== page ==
How to deburr copper tubing

Updated February 21, 2017

Copper tubing or piping is used in the installation of copper water supply pipes. The pipes are generally either 3/4- or 1/2-inch in diameter, and are available in 8-foot lengths. The copper pipes are attached with copper couplings, which are soldered into place. Before installing the couplings, the pipe must be measured and cut at the right place. Though tubing cutters are the best tools to cut copper pipe--as the resulting cuts are straight--hacksaws can also be used. A reamer deburring tool is then applied to remove the burrs.

Mark the copper pipe at the point where it needs to be cut, using a felt tip pen.

Place the copper pipe horizontally in a vice, with the mark on the pipe close to the vice's jaws. Rest a hacksaw blade on top of the mark, with one thumb resting against the blade. Start moving the hacksaw blade very slowly backwards and forwards across the mark, until the pipe becomes indented. Move your thumb away and begin to saw more quickly. Cut right through the pipe, making sure that the cut is straight.

Sand around the outside of the cut pipe end using an emery cloth. Place a reamer into the end of the cut pipe end, then turn it clockwise three full revolutions. Take the reamer out of the pipe, and check the end for any more burrs or copper filings. Don't place your finger into the end of the pipe, as burrs may still be present. If filings or burrs can still be seen, place the reamer back into the end of the pipe and turn it another three revolutions, or as many are needed to remove all burrs from the copper pipe end.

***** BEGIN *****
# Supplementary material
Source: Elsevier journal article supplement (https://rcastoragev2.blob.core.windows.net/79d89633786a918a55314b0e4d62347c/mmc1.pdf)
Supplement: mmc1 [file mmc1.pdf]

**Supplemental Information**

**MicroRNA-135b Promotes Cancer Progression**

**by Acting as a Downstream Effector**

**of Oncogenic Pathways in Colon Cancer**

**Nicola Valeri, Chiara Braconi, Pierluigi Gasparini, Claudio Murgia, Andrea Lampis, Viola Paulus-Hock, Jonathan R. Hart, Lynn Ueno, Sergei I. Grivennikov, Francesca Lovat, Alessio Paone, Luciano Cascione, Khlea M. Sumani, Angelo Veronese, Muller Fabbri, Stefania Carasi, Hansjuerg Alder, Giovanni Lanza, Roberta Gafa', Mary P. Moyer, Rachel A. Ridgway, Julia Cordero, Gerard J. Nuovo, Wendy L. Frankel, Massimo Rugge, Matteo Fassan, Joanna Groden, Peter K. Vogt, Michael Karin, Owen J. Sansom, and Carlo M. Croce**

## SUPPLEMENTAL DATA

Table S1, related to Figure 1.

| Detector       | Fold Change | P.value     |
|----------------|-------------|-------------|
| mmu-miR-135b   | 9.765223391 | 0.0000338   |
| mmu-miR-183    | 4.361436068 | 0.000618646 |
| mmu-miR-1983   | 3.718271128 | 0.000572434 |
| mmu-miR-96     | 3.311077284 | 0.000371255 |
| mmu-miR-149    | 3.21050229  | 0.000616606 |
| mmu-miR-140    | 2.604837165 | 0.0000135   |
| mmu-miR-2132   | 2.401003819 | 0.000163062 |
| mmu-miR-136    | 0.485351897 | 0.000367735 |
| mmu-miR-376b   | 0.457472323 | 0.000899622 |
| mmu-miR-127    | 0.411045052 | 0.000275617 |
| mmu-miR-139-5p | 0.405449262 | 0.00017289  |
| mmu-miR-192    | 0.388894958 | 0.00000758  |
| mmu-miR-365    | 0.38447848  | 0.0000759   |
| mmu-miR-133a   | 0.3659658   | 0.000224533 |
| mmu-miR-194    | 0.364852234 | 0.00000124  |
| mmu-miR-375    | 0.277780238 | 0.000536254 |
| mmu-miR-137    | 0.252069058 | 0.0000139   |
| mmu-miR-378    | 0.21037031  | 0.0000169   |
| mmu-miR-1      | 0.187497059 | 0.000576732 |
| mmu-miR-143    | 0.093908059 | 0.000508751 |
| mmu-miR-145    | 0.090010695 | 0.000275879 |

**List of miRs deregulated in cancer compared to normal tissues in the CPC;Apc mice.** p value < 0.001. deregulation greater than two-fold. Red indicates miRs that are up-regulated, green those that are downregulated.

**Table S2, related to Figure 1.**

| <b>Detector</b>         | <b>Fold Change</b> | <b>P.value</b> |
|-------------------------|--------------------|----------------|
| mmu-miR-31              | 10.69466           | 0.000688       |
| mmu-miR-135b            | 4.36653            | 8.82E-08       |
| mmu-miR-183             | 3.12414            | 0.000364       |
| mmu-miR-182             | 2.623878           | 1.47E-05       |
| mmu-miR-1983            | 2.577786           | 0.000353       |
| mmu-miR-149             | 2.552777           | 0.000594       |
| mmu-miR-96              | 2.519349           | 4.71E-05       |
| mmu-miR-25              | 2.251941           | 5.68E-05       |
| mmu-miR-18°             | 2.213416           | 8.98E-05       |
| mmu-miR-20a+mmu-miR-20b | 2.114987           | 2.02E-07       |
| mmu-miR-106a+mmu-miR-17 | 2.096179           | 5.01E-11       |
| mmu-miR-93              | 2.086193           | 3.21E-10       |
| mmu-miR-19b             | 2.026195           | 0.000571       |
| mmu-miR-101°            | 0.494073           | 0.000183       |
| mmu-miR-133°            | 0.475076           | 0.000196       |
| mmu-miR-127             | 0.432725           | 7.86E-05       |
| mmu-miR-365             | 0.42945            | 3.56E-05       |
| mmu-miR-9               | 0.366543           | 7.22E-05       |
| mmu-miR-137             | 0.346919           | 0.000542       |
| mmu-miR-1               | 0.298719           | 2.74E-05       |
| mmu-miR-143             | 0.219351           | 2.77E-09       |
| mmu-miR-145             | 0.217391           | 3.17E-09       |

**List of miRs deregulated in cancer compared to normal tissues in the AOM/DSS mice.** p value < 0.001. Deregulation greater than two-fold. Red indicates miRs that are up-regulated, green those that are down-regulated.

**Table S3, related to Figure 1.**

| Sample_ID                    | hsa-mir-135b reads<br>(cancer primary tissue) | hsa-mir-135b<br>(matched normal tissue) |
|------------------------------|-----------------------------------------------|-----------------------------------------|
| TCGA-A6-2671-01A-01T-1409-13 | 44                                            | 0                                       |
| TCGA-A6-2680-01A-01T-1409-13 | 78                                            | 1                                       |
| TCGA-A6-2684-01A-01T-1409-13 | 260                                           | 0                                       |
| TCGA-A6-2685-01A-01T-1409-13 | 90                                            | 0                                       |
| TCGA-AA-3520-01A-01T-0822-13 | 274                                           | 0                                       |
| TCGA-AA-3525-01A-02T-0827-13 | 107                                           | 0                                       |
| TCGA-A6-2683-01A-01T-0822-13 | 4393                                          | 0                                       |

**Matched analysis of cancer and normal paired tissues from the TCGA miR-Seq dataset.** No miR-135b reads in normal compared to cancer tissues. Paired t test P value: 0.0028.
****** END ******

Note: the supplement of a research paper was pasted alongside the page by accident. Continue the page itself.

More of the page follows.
A reamer is a metal bit that is tapered to a point, with metal blades situated along the tapered shank. Reamers can include handles for hand use, or can be fitted into a drill chuck for faster revolutions.


Wear work gloves when cutting the copper pipe.

Things You'll Need

  • Felt tip pen
  • Vice
  • Hacksaw
  • Emery cloth
  • Reamer
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About the Author

Steve Sloane started working as a freelance writer in 2007. He has written articles for various websites, using more than a decade of DIY experience to cover mostly construction-related topics. He also writes movie reviews for Inland SoCal. Sloane holds a Bachelor of Arts in creative writing and film theory from the University of California, Riverside.